Clearing the China Air: Technology and Protectionism

January 29, 2013

My posts have been few and far between these days for a variety of reasons (other commitments, paucity of real news, smog-induced crushing depression), but today’s weather requires some words in response, and thinking about smog has led me back to familiar themes about technology transfer, local protection and industrial policy.

If you’re picking up my RSS directly or reading this at the China Hearsay home page, you’ll see the pic I included, which is the view from my living room window.

The air quality this month has lurched past “Blade Runner” and gone straight to . . . well, I don’t even have a good popular culture allusion to what we’re experiencing now. Historically, I wonder if we’re getting on towards a London Great Smog situation, which happened back in ’52.

But I actually didn’t want to simply bitch and moan about the weather, which by the way my forecast describes as “Fog.”

More interesting, or at least optimistic, is the story of what will happen when all of this gets cleaned up. As a native of Los Angeles who grew up in the smoggy ’70s, I know that these things can get better through government action. I sincerely believe that the Chinese government will fix all this, although I’m not sure exactly how or when. Officially, China has been working on environmental solutions for many years, but we’re not yet seeing the fruits of those labors.

I do know, however, that the best way to do so in the near term will involve some measure of foreign technology, and this presents a problem for China’s industrial policy. (Yes, we’re back to that.)

Consider an article, attributed to Bloomberg, that I grabbed off the Shanghai Daily RSS feed. They helpfully entitled it “Foreign automakers may profit from smog.” Here’s the thesis:

[F]oreign carmakers in the world’s biggest auto market are poised to profit from this month’s record-breaking pollution. With toxic smog engulfing Beijing and much of the rest of the country for weeks now, China is considering tighter vehicle curbs and emissions standards that match Europe’s.

That could benefit General Motors Co, Volkswagen AG, and Hyundai Motor Co in a market where sales are forecast to top 20 million units this year, according to industry researcher Intelligence Automotive Asia. The new rules are likely to spur many drivers to buy new cars, and unlike most domestic automakers, overseas companies can produce vehicles that comply with stricter global standards for emissions.

Now let’s expand that out to a wide variety of clean technologies, and the point still holds true: foreign manufacturers and owners of intellectual property are dominant. If China wishes to clean things up here, the first few years at least will involve foreign technology.

Yes, there are other options. China could, for example, utilize its much-publicized compulsory licensing rules to force some foreign IP owners to share cleantech with local manufacturers. However, I’m not losing too much sleep over this possibility. The law probably allows for this draconian measure, given an environmental emergency, but I don’t see China making a move that would serve to give up much of the ground it has taken in recent years in the IP PR war.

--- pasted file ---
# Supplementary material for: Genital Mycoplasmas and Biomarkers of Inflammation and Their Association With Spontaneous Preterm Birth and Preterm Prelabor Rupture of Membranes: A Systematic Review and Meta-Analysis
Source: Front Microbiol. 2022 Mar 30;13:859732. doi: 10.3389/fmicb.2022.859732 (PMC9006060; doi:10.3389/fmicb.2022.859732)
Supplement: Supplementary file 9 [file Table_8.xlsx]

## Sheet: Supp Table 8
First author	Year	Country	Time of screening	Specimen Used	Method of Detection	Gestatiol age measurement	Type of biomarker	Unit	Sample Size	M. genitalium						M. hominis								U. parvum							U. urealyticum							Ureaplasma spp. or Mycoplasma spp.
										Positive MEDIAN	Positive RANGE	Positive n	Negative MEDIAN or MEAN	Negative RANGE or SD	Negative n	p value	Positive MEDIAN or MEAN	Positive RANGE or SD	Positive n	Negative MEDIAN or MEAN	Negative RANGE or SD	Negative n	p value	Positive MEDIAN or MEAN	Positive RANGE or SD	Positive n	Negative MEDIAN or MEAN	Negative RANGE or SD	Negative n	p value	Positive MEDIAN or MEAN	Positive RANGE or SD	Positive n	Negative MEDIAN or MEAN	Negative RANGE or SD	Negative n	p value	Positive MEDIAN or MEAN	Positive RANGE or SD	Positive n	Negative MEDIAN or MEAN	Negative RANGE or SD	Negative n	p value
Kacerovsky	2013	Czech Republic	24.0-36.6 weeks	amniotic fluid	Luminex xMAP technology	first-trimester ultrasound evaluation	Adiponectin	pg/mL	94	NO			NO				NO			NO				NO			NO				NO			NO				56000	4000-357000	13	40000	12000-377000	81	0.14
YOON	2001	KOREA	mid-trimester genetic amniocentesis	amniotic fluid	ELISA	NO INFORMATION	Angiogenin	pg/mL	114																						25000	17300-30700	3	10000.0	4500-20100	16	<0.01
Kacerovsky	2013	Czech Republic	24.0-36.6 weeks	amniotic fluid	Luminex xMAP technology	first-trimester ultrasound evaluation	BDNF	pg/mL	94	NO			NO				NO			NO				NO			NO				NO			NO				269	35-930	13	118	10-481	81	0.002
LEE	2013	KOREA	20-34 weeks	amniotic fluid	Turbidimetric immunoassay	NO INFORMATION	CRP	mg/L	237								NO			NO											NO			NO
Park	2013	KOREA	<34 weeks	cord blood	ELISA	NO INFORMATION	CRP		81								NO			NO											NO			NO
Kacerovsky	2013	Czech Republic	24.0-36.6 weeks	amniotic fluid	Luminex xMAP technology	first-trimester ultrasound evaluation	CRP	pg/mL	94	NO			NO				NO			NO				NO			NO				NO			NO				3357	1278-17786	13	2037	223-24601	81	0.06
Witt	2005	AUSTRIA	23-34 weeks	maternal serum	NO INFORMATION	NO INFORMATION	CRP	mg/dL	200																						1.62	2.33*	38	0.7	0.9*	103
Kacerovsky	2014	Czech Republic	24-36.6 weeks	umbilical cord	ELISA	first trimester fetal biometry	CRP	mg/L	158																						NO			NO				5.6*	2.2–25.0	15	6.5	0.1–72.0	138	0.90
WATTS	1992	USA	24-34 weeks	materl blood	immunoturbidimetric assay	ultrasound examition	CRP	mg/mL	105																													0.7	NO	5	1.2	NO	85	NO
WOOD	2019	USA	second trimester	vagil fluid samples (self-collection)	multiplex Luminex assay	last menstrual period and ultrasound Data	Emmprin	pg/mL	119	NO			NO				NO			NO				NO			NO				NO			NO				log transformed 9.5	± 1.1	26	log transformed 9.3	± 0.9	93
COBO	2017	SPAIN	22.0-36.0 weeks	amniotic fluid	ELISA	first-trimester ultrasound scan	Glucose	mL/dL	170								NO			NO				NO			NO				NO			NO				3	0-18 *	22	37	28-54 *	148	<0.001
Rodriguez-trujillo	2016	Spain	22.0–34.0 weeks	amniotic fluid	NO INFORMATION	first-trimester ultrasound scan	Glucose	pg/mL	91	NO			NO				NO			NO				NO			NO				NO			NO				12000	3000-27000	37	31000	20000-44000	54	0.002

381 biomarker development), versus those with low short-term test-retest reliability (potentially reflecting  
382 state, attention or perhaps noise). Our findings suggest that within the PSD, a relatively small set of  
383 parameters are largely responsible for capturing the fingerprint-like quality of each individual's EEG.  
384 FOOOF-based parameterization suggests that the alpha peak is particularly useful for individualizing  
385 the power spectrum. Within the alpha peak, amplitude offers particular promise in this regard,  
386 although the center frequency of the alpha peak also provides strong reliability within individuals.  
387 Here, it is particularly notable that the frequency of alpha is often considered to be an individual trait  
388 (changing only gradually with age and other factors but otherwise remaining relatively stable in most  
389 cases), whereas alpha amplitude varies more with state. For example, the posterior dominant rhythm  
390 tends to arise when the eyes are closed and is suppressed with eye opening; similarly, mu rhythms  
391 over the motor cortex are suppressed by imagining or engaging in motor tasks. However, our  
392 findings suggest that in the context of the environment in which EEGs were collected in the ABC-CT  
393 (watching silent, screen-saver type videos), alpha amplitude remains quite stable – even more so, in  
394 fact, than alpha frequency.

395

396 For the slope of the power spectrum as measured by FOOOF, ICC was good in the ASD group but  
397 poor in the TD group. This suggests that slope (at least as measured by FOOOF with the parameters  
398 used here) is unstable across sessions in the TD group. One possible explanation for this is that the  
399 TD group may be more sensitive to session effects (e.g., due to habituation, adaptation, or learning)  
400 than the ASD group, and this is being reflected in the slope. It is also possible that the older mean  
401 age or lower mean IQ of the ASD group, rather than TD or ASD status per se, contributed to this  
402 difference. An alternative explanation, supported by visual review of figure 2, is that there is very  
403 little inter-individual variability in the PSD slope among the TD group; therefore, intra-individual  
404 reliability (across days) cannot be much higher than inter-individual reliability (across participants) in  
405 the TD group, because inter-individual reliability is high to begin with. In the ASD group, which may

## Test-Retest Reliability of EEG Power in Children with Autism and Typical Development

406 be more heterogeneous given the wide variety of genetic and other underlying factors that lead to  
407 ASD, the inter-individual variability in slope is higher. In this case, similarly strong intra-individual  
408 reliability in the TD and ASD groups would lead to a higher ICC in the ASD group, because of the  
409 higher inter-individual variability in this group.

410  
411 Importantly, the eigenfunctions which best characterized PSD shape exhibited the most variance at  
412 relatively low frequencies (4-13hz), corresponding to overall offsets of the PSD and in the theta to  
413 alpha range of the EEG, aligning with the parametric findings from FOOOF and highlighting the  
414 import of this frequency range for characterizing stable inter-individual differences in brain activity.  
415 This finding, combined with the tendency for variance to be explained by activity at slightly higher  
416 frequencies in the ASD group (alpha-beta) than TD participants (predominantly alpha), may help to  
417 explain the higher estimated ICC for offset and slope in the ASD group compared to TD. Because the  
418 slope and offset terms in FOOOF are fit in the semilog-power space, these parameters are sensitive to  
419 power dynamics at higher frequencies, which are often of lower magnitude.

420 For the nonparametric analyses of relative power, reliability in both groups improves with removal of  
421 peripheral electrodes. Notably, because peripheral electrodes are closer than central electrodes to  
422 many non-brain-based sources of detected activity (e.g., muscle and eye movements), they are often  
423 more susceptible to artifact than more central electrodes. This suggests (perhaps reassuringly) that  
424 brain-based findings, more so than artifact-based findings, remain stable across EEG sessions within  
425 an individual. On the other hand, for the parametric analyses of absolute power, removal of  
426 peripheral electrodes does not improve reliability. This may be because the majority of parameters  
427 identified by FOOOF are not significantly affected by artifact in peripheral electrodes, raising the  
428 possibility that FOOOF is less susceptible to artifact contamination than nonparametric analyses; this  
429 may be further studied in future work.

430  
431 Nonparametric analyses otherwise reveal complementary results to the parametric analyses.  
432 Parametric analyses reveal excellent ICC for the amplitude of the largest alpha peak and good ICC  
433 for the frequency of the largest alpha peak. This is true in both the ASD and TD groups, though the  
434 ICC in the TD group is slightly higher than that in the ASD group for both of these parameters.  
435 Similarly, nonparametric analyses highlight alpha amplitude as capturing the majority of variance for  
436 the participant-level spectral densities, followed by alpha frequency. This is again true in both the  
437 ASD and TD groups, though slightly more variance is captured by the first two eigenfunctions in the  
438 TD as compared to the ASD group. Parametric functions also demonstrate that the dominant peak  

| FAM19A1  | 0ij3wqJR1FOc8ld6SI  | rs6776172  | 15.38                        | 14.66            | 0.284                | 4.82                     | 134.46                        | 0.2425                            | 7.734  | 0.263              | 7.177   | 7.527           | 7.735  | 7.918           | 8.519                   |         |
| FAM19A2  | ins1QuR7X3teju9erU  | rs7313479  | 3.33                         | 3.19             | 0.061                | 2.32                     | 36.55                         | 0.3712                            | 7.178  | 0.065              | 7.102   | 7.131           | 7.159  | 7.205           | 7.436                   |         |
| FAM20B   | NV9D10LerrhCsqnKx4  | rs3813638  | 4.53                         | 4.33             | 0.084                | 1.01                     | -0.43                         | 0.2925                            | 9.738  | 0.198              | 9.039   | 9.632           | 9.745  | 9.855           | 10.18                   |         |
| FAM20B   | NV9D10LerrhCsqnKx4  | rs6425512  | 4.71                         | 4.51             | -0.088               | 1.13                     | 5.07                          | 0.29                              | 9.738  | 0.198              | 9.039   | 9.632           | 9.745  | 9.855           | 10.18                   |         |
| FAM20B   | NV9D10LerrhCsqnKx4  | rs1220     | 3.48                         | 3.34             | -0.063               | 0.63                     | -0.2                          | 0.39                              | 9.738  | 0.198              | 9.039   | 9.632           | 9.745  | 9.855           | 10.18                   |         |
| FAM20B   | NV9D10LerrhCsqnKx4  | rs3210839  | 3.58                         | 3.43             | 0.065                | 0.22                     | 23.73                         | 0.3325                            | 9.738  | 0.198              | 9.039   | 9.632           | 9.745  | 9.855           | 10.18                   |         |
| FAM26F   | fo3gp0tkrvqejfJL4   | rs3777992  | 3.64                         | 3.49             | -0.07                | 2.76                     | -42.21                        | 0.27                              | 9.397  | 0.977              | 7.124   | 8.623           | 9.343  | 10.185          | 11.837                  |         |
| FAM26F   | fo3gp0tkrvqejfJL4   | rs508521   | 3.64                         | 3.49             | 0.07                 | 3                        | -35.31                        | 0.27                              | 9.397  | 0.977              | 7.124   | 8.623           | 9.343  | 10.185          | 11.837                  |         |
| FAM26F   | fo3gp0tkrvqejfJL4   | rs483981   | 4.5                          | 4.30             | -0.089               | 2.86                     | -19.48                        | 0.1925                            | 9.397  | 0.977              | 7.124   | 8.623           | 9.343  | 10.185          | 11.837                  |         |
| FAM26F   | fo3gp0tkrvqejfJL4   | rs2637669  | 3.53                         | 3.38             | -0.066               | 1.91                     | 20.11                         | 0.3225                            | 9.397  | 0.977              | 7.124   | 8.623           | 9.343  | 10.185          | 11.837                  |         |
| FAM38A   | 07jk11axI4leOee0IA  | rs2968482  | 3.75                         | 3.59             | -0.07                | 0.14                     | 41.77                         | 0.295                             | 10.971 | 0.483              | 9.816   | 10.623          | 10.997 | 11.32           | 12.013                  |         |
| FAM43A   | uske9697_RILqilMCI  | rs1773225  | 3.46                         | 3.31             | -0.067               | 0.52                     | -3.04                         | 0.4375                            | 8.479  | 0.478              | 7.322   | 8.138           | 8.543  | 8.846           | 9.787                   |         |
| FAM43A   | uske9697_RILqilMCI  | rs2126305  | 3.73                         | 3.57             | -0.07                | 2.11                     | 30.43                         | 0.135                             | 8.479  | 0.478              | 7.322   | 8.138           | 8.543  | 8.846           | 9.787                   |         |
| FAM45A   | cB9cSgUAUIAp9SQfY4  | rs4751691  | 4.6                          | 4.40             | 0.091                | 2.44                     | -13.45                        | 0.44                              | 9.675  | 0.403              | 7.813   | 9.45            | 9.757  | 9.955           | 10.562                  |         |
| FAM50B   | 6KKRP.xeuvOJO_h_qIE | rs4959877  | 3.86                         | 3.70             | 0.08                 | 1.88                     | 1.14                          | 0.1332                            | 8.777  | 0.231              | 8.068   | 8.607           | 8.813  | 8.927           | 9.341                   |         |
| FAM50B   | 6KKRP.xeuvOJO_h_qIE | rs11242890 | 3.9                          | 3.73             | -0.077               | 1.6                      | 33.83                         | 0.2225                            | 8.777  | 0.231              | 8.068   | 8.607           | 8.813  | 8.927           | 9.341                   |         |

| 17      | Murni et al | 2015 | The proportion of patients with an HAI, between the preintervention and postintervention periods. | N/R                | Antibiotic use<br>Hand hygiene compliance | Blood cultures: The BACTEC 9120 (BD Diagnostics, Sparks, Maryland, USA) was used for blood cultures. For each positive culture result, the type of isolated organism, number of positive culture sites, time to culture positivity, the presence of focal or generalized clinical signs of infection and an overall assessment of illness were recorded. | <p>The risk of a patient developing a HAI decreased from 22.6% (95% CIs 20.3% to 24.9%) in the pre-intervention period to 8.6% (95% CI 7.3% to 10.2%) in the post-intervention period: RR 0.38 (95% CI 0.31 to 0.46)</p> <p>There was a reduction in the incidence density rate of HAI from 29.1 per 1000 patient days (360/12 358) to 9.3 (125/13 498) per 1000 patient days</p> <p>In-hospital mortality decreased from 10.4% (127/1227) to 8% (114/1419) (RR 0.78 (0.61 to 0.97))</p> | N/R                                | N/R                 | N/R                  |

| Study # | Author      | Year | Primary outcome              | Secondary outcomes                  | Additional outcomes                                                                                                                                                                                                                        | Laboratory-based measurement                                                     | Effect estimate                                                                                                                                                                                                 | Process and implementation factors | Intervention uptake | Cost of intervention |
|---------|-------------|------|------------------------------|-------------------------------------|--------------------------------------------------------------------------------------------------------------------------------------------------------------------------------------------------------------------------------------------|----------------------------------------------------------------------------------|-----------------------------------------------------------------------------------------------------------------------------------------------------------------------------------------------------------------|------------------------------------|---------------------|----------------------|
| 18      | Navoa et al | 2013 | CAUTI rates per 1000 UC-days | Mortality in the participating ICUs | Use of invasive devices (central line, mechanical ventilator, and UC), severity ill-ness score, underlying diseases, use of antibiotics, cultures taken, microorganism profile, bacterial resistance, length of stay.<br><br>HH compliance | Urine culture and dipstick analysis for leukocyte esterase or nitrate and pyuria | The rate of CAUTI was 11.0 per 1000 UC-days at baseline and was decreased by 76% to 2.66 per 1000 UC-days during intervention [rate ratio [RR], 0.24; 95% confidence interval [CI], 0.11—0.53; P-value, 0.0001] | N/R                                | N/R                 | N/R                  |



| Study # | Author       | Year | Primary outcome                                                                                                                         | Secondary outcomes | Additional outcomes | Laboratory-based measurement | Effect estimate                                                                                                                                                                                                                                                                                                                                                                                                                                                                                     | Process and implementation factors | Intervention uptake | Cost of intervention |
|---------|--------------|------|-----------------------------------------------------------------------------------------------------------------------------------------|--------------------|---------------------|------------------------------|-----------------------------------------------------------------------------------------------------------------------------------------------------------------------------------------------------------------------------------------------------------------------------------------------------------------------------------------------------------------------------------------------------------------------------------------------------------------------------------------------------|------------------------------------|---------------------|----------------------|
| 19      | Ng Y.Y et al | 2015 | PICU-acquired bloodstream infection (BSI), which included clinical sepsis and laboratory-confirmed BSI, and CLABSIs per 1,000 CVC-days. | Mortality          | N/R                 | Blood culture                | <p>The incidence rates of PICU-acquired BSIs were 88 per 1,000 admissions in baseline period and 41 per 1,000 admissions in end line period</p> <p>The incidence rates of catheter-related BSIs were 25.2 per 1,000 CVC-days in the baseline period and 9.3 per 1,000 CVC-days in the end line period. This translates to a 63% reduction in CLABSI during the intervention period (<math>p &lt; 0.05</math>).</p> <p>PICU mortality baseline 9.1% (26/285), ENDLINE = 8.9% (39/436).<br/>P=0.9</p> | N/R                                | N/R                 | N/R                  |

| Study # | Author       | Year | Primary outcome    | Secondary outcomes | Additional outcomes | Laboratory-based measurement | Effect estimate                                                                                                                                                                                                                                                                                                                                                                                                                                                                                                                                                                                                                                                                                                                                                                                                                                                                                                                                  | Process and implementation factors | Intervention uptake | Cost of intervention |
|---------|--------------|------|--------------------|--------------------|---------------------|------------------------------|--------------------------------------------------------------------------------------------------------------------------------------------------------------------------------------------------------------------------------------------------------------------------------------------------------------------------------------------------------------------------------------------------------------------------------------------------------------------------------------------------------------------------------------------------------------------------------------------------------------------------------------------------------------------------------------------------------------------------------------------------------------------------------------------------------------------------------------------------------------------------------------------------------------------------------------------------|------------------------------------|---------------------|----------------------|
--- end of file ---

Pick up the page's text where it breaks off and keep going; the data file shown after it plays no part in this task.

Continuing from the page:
No, China will continue with the policy it has been implementing for a long time now when it comes to cleantech: inward technology transfer. And that brings us back to the Shanghai Daily/Bloomberg article. This policy just isn’t all that favorable to domestic firms.

So will we see increased local protectionism as more money is doled out to environmental projects?

I think that’s a real possibility, and it shouldn’t surprise anyone. We’re talking about significant public expenditures, and folks never like to see such funds being spent on foreign firms. I recall back in the days following the 2008 Great Recession, when Washington actually appropriated a small amount of money for infrastructure and other public projects, that there was significant criticism over government expenditures going to foreign contractors. Keep in mind that the U.S. doesn’t even really have an industrial policy.

If local protectionism rears its ugly head, what will it look like? There are a lot of ways this can happen. For example, while we might not see compulsory licensing, I wouldn’t be shocked to see certain valuable foreign cleantech IP experience trouble when it comes to specific instances of enforcement against infringers, particularly in secondary or tertiary cities. We might also see provincial/local governments get more aggressive when it comes to approval of foreign investment projects in related industries, perhaps informally pushing for additional tech transfer.

At the State level, Beijing might revisit incentive programs somewhere down the line. The complaints over the indigenous innovation program have finally died down, after Beijing walked back the more troublesome IP transfer requirements, but there are still a variety of programs out there in the cleantech sphere (e.g., tax incentives). New programs or protectionist enforcement patterns are both possibilities.

All of my technology transfer clients get the usual speech from me about protection of IP. The ones in the cleantech sector, however, get a souped-up, aggressive and slightly paranoid version of those cautionary comments. Themes stressed include IP registrations, partner due diligence, strong contract language, ongoing market investigations, and (as always) a reliance on non-legal, practical ways of protecting IP/technology.

Now more than ever. Just look up at the sky, and you’ll see why.